Tuesday, September 18, 2012

The NHL and NHLPA are at odds over a very small difference in overall revenue. Worse yet, neither side seems to be telling the truth about the potential growth that is inherent in all these revenues. We've heard that 7% has been the annualized growth in revenues over the past several years. Assuming a drop to 6% growth this year and 5% growth in each of the next three years with a possible rebound to similar levels down the road, the pile of money these people are arguing about is absurd. I take you to my simple chart below. Year 0 is today, $3.3 Billion split between the players at 57% and the owners at 43%. I've arbitrarily set growth in year 1 at 6%, year 2 at 5% etc, all the way to year 6, the hopeful length of this next CBA. Next I chose a players percentage that while less than the 57% they get now but more than the 50% (or so) the owners are asking for. Notice that when the growth of 6% is factored in, the players get the SAME share as they did last season. In year 2 the players share drops to 52% yet given a growth rate of 5% they get MORE than they got last year. Then in year's 3 and greater, the players share is 50%. And by the end of year 6, the players share is 420 Million more than they got last year. All these numbers come form a spreadsheet I am happy to send to anyone that sends me a request via Twitter @solutionsRDB

Tuesday, August 7, 2012

Canada Women's Soccer team robbed

I finally watched a soccer game. Canada vs USA, August 6th, 2012. Canada was up 1-0, 2-1 and 3-2. And just as it seemed fate had our back, a phantom penalty is called. The announcers had no idea what it was for and later, everyone seemed incredulous that it was for a delay of game. While a goalie holds the ball for a few seconds, players can whither on the ground in seemingly near death distress, and the latter is fine. That penalty wasn't the undoing for Canada, but the very next play - and the ensuing penalty sure was. The penalty kick hit a Canadian's arm. Maybe two arms. So fast that you needed super slow motion to see it. Illegal? Not according to the rules. You see if you intentionally put your arms out to block the ball, then yes, that's a penalty. But to stand there and get cranked by a ball, kicked mere a few feet from where you stand, that is allowed. But not yesterday and not by that referee.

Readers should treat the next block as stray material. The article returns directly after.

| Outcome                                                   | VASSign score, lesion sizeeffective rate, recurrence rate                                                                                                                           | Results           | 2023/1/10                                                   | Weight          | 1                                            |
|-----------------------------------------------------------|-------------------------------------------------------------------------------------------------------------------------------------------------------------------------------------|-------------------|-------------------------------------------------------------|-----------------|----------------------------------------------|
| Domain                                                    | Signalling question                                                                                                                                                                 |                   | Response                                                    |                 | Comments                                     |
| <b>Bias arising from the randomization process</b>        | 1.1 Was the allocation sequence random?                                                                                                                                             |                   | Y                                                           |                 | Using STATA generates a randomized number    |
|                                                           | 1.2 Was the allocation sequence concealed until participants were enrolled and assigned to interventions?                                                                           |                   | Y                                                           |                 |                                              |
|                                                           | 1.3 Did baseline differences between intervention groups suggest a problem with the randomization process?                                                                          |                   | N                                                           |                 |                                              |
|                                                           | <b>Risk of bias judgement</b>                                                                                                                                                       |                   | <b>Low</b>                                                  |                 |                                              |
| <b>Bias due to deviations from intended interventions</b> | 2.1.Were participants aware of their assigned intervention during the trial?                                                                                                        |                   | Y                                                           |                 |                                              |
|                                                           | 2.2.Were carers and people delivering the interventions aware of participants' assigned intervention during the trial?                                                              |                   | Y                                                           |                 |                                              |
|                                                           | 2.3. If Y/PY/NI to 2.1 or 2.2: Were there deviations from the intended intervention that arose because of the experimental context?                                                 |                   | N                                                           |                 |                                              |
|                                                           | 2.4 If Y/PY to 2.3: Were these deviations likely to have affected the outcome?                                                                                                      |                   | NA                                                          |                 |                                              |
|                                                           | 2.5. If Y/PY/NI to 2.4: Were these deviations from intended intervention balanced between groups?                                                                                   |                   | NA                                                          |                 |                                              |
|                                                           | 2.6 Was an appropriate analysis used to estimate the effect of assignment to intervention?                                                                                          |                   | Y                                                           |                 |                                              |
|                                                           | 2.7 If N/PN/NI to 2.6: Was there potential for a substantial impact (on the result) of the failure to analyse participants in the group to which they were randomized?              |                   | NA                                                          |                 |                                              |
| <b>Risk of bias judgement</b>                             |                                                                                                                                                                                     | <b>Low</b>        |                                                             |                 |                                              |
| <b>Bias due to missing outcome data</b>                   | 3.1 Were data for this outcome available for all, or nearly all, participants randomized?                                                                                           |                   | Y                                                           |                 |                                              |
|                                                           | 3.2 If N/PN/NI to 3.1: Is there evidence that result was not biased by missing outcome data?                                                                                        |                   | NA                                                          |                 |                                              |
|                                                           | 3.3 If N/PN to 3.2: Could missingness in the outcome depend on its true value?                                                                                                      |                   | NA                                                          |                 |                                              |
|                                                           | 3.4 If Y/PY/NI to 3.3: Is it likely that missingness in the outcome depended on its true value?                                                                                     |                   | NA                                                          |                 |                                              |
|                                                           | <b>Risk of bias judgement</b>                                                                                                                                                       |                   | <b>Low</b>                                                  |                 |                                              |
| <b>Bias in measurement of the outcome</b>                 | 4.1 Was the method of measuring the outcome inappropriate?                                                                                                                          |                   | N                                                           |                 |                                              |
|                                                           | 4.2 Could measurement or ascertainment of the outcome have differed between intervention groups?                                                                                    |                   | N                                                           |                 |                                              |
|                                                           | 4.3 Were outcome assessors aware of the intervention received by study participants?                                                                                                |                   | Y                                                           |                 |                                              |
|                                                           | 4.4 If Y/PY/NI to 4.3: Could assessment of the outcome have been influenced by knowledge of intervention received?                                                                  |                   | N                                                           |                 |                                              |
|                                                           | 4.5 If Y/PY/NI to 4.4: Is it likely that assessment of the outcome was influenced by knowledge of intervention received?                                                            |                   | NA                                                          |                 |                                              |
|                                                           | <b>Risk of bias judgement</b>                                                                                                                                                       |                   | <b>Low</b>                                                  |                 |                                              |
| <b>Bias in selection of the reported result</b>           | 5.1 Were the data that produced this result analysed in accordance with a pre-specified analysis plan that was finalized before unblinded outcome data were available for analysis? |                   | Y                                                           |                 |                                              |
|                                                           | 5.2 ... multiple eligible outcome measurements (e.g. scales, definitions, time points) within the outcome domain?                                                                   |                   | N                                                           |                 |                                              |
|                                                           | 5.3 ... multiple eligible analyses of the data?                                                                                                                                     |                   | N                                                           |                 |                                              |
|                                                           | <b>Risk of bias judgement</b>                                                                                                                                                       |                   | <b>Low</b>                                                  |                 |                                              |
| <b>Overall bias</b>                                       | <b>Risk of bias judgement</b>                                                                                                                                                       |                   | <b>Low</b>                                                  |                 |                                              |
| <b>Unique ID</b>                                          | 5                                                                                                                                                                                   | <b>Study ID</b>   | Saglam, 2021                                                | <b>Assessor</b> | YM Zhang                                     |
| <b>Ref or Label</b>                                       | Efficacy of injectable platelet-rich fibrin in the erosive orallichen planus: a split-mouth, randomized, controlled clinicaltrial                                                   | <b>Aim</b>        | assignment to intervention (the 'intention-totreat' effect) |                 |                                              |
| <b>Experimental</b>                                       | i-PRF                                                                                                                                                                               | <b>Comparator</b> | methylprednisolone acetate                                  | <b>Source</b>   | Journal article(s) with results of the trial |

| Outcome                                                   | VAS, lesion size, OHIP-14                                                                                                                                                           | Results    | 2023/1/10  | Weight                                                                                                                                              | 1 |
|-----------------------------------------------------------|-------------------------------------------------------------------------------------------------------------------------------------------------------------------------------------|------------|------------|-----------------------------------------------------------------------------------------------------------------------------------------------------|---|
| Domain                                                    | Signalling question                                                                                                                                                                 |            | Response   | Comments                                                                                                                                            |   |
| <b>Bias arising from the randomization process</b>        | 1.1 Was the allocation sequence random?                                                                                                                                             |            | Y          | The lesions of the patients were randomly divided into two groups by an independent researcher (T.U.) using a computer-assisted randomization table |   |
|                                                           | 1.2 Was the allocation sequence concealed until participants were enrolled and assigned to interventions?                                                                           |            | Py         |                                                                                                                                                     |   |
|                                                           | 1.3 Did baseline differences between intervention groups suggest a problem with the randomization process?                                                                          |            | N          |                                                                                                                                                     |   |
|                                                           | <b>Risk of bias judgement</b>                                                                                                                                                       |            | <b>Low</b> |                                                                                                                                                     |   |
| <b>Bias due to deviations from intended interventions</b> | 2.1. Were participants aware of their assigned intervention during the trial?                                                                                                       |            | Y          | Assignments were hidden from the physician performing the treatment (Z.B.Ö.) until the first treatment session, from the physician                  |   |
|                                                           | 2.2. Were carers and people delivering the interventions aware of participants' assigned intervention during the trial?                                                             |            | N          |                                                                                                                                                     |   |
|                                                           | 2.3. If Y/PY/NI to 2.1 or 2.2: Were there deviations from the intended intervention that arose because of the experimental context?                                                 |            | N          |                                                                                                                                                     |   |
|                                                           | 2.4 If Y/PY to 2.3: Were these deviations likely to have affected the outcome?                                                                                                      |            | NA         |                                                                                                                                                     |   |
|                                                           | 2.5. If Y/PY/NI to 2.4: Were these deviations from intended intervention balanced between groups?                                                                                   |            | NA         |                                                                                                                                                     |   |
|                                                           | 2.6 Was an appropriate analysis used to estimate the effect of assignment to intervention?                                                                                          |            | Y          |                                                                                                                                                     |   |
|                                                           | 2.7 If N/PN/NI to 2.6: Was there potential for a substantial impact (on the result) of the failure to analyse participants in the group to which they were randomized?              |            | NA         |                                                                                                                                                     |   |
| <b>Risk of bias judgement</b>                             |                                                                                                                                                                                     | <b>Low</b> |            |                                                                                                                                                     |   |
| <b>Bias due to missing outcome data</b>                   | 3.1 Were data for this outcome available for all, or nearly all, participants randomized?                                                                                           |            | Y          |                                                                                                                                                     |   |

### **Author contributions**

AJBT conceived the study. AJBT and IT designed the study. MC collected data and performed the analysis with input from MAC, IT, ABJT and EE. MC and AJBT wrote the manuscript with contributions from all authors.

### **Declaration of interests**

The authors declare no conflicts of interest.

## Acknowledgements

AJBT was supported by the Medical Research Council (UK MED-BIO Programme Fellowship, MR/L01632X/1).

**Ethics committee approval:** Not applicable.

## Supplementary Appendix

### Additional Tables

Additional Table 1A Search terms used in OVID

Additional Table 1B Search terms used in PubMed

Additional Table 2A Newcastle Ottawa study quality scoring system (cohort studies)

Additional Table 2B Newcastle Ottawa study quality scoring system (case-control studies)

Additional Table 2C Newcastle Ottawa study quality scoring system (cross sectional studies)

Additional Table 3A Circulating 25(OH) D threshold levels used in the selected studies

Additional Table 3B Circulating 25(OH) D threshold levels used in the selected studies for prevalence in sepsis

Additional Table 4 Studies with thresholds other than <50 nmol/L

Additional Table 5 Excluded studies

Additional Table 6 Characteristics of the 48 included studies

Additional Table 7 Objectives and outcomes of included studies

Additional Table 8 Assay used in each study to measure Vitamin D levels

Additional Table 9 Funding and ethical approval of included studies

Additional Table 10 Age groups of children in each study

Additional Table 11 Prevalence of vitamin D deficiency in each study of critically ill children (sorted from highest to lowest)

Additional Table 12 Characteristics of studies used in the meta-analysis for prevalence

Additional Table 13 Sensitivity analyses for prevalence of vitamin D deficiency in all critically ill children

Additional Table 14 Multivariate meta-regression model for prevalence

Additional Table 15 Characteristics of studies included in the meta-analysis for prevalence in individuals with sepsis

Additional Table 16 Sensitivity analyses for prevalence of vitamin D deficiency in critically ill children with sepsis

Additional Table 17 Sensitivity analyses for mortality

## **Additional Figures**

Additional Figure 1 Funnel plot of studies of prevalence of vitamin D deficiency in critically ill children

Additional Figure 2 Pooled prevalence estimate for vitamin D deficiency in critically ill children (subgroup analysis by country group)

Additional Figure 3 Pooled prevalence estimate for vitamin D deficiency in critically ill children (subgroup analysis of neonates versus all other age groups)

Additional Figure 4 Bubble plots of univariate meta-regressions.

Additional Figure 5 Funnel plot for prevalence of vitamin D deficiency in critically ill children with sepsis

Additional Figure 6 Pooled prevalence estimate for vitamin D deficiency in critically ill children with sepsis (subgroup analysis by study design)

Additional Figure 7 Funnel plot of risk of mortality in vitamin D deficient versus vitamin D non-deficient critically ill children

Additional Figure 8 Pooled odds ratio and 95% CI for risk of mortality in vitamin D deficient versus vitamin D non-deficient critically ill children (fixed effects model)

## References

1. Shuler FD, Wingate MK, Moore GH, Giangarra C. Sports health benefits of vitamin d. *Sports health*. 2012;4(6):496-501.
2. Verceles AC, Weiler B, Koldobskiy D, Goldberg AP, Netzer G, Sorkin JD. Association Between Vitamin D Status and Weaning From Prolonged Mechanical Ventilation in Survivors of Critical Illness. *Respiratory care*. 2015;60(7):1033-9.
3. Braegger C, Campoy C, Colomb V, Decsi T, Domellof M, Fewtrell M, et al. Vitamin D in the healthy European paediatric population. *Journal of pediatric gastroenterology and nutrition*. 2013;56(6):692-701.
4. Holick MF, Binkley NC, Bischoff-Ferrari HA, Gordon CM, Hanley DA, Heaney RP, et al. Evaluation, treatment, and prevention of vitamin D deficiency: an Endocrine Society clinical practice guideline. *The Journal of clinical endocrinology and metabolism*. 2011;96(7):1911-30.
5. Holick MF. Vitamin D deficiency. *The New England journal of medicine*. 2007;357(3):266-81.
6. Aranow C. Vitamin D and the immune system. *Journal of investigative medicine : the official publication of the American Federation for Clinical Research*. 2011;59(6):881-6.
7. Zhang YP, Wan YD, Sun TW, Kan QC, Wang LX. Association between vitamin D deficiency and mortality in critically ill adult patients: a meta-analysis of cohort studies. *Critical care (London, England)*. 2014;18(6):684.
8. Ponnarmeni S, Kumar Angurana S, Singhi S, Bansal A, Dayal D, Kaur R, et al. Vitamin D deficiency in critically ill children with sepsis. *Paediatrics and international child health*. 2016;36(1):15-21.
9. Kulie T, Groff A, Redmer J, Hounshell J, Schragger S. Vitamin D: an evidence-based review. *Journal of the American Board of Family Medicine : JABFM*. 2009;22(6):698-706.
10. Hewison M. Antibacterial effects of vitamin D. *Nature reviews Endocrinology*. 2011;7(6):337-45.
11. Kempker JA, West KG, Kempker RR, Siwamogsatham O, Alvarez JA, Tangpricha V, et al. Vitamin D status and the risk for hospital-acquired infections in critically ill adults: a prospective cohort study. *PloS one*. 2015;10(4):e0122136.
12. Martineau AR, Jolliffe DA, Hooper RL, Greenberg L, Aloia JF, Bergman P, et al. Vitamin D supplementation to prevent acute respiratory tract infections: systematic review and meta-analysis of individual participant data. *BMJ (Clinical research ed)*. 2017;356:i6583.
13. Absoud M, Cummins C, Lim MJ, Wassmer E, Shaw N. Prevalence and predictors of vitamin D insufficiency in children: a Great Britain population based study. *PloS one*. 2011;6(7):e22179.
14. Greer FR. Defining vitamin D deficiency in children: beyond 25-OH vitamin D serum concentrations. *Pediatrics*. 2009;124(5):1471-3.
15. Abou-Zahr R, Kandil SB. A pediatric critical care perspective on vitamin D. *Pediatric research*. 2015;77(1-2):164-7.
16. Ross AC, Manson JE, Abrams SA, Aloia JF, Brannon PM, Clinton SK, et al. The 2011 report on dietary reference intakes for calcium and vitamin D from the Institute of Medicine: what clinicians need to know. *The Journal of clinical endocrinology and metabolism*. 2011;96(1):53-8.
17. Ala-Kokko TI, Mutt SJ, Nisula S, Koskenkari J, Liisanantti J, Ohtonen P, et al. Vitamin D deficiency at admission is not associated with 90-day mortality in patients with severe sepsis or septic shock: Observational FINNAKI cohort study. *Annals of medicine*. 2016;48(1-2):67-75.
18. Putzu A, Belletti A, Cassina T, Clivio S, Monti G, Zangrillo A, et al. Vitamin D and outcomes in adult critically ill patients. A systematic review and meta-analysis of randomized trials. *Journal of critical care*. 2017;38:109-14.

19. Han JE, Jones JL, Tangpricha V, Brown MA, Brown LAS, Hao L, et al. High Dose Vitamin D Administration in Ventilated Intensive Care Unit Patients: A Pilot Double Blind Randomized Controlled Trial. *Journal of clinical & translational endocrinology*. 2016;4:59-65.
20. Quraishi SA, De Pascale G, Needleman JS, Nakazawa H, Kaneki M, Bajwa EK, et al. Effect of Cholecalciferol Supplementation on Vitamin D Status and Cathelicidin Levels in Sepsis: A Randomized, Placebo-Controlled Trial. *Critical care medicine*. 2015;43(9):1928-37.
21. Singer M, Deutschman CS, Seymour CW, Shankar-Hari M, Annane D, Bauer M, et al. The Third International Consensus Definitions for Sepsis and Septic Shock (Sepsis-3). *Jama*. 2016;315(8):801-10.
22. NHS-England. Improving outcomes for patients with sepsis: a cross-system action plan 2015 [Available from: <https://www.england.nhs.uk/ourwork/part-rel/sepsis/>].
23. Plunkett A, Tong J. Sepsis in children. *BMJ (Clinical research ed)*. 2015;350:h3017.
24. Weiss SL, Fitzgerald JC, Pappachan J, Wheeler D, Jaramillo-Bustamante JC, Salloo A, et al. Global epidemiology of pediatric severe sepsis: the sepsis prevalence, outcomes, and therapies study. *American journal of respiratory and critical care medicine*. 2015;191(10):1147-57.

My take on it is simple. There are two feature matches that will ensure the most people watching - the basketball and soccer finals. If the USA did not make these finals the media that paid billions would be rather upset. NBC would not have much to be happy about if Canada faced Japan in the women's soccer final. Whereas USA-Japan has the makings of epic ratings.

While I am not about to go buy MLS season tickets, I was impressed and entertained by the game. I guess at the end of the day, that's all anyone can ask for.

Sent from my Blackberry

Monday, August 6, 2012

Vancouver Canadians

Afternoon baseball at Nat Bailey. What a great way to spend an afternoon! Affordable, entertaining, great for the entire family, couples or by yourself!
Sent from my Blackberry

Wednesday, February 1, 2012

Alcatraz Jan30th Episode filmed in downtown Vancouver

I had no idea we had such an amazing interior of an older building here in downtown Vancouver. Used as the bank hold up in the Jan30th episode of Alcatraz, it's actually the Royal Bank building in the 600 block of West Pender. In the episode you'll notice Birks and a clock tower across the street from the bank. Very cool.

Phoenix Coyotes - Right concept, wrong location for the wrong crowds